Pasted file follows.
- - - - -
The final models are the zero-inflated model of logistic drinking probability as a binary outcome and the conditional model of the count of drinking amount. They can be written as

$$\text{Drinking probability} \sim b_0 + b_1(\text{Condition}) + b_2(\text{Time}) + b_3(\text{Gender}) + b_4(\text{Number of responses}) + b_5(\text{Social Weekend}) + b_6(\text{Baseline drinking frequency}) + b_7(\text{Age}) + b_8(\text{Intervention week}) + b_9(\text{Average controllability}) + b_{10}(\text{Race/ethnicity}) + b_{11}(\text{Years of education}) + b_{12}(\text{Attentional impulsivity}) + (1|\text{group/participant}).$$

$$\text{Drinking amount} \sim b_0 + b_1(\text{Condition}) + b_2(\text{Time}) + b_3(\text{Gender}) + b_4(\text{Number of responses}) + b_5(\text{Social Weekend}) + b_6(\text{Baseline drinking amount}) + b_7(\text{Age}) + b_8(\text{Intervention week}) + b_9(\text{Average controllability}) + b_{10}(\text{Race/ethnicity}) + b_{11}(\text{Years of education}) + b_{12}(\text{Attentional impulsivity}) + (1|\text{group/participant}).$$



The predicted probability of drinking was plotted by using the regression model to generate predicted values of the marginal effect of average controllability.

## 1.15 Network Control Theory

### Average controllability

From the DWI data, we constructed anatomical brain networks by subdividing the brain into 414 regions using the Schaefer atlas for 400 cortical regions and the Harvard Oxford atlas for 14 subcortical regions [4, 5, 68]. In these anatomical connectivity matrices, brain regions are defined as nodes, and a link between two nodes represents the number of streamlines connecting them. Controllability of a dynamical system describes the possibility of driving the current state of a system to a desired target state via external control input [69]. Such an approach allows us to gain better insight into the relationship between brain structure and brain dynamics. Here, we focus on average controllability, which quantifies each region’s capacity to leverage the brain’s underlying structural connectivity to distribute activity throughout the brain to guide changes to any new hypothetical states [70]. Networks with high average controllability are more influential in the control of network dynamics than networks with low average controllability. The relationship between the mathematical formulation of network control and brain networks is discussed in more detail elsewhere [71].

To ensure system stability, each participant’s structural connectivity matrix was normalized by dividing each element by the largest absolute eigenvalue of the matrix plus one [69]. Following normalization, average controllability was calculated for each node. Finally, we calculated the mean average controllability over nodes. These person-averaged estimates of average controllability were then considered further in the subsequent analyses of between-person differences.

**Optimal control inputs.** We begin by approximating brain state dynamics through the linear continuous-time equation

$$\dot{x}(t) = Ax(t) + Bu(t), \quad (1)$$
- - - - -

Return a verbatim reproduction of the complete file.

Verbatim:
The final models are the zero-inflated model of logistic drinking probability as a binary outcome and the conditional model of the count of drinking amount. They can be written as

$$\text{Drinking probability} \sim b_0 + b_1(\text{Condition}) + b_2(\text{Time}) + b_3(\text{Gender}) + b_4(\text{Number of responses}) + b_5(\text{Social Weekend}) + b_6(\text{Baseline drinking frequency}) + b_7(\text{Age}) + b_8(\text{Intervention week}) + b_9(\text{Average controllability}) + b_{10}(\text{Race/ethnicity}) + b_{11}(\text{Years of education}) + b_{12}(\text{Attentional impulsivity}) + (1|\text{group/participant}).$$

$$\text{Drinking amount} \sim b_0 + b_1(\text{Condition}) + b_2(\text{Time}) + b_3(\text{Gender}) + b_4(\text{Number of responses}) + b_5(\text{Social Weekend}) + b_6(\text{Baseline drinking amount}) + b_7(\text{Age}) + b_8(\text{Intervention week}) + b_9(\text{Average controllability}) + b_{10}(\text{Race/ethnicity}) + b_{11}(\text{Years of education}) + b_{12}(\text{Attentional impulsivity}) + (1|\text{group/participant}).$$



The predicted probability of drinking was plotted by using the regression model to generate predicted values of the marginal effect of average controllability.

## 1.15 Network Control Theory

### Average controllability

From the DWI data, we constructed anatomical brain networks by subdividing the brain into 414 regions using the Schaefer atlas for 400 cortical regions and the Harvard Oxford atlas for 14 subcortical regions [4, 5, 68]. In these anatomical connectivity matrices, brain regions are defined as nodes, and a link between two nodes represents the number of streamlines connecting them. Controllability of a dynamical system describes the possibility of driving the current state of a system to a desired target state via external control input [69]. Such an approach allows us to gain better insight into the relationship between brain structure and brain dynamics. Here, we focus on average controllability, which quantifies each region’s capacity to leverage the brain’s underlying structural connectivity to distribute activity throughout the brain to guide changes to any new hypothetical states [70]. Networks with high average controllability are more influential in the control of network dynamics than networks with low average controllability. The relationship between the mathematical formulation of network control and brain networks is discussed in more detail elsewhere [71].

To ensure system stability, each participant’s structural connectivity matrix was normalized by dividing each element by the largest absolute eigenvalue of the matrix plus one [69]. Following normalization, average controllability was calculated for each node. Finally, we calculated the mean average controllability over nodes. These person-averaged estimates of average controllability were then considered further in the subsequent analyses of between-person differences.

**Optimal control inputs.** We begin by approximating brain state dynamics through the linear continuous-time equation

$$\dot{x}(t) = Ax(t) + Bu(t), \quad (1)$$